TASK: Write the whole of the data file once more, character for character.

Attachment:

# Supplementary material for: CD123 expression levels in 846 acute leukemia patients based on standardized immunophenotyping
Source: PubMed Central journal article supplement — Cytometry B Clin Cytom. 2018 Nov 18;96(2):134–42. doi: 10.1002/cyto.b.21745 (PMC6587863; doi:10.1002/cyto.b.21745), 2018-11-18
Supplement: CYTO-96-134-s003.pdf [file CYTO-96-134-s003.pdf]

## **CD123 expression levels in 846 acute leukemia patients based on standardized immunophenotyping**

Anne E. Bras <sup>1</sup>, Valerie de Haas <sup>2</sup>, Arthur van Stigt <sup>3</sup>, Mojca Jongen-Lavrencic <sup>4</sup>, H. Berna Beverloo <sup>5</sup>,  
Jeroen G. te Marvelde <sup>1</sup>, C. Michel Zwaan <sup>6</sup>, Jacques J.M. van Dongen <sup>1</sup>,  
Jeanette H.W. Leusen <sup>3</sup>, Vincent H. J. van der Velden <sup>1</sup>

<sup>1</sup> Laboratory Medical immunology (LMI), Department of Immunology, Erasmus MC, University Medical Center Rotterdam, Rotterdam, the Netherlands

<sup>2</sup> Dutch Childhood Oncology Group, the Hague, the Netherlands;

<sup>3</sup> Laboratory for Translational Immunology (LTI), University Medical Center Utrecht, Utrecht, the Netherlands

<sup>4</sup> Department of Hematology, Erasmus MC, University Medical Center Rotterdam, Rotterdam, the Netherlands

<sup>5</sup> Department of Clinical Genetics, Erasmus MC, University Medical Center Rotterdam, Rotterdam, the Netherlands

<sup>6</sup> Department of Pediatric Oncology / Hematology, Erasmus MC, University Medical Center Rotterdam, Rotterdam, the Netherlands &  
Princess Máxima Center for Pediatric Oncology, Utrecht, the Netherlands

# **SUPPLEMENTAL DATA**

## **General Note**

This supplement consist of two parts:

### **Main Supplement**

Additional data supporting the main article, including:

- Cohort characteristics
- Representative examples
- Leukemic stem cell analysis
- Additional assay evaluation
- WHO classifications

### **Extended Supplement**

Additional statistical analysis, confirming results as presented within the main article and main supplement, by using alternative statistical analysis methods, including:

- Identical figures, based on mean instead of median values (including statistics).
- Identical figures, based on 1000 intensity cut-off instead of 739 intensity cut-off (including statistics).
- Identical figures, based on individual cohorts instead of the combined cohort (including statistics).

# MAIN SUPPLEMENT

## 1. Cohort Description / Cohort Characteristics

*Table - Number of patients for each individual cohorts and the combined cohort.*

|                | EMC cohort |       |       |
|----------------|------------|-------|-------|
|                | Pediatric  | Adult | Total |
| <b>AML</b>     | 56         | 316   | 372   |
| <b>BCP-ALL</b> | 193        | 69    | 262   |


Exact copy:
# Supplementary material for: CD123 expression levels in 846 acute leukemia patients based on standardized immunophenotyping
Source: PubMed Central journal article supplement — Cytometry B Clin Cytom. 2018 Nov 18;96(2):134–42. doi: 10.1002/cyto.b.21745 (PMC6587863; doi:10.1002/cyto.b.21745), 2018-11-18
Supplement: CYTO-96-134-s003.pdf [file CYTO-96-134-s003.pdf]

## **CD123 expression levels in 846 acute leukemia patients based on standardized immunophenotyping**

Anne E. Bras <sup>1</sup>, Valerie de Haas <sup>2</sup>, Arthur van Stigt <sup>3</sup>, Mojca Jongen-Lavrencic <sup>4</sup>, H. Berna Beverloo <sup>5</sup>,  
Jeroen G. te Marvelde <sup>1</sup>, C. Michel Zwaan <sup>6</sup>, Jacques J.M. van Dongen <sup>1</sup>,  
Jeanette H.W. Leusen <sup>3</sup>, Vincent H. J. van der Velden <sup>1</sup>

<sup>1</sup> Laboratory Medical immunology (LMI), Department of Immunology, Erasmus MC, University Medical Center Rotterdam, Rotterdam, the Netherlands

<sup>2</sup> Dutch Childhood Oncology Group, the Hague, the Netherlands;

<sup>3</sup> Laboratory for Translational Immunology (LTI), University Medical Center Utrecht, Utrecht, the Netherlands

<sup>4</sup> Department of Hematology, Erasmus MC, University Medical Center Rotterdam, Rotterdam, the Netherlands

<sup>5</sup> Department of Clinical Genetics, Erasmus MC, University Medical Center Rotterdam, Rotterdam, the Netherlands

<sup>6</sup> Department of Pediatric Oncology / Hematology, Erasmus MC, University Medical Center Rotterdam, Rotterdam, the Netherlands &  
Princess Máxima Center for Pediatric Oncology, Utrecht, the Netherlands

# **SUPPLEMENTAL DATA**

## **General Note**

This supplement consist of two parts:

### **Main Supplement**

Additional data supporting the main article, including:

- Cohort characteristics
- Representative examples
- Leukemic stem cell analysis
- Additional assay evaluation
- WHO classifications

### **Extended Supplement**

Additional statistical analysis, confirming results as presented within the main article and main supplement, by using alternative statistical analysis methods, including:

- Identical figures, based on mean instead of median values (including statistics).
- Identical figures, based on 1000 intensity cut-off instead of 739 intensity cut-off (including statistics).
- Identical figures, based on individual cohorts instead of the combined cohort (including statistics).

# MAIN SUPPLEMENT

## 1. Cohort Description / Cohort Characteristics

*Table - Number of patients for each individual cohorts and the combined cohort.*

|                | EMC cohort |       |       |
|----------------|------------|-------|-------|
|                | Pediatric  | Adult | Total |
| <b>AML</b>     | 56         | 316   | 372   |
| <b>BCP-ALL</b> | 193        | 69    | 262   |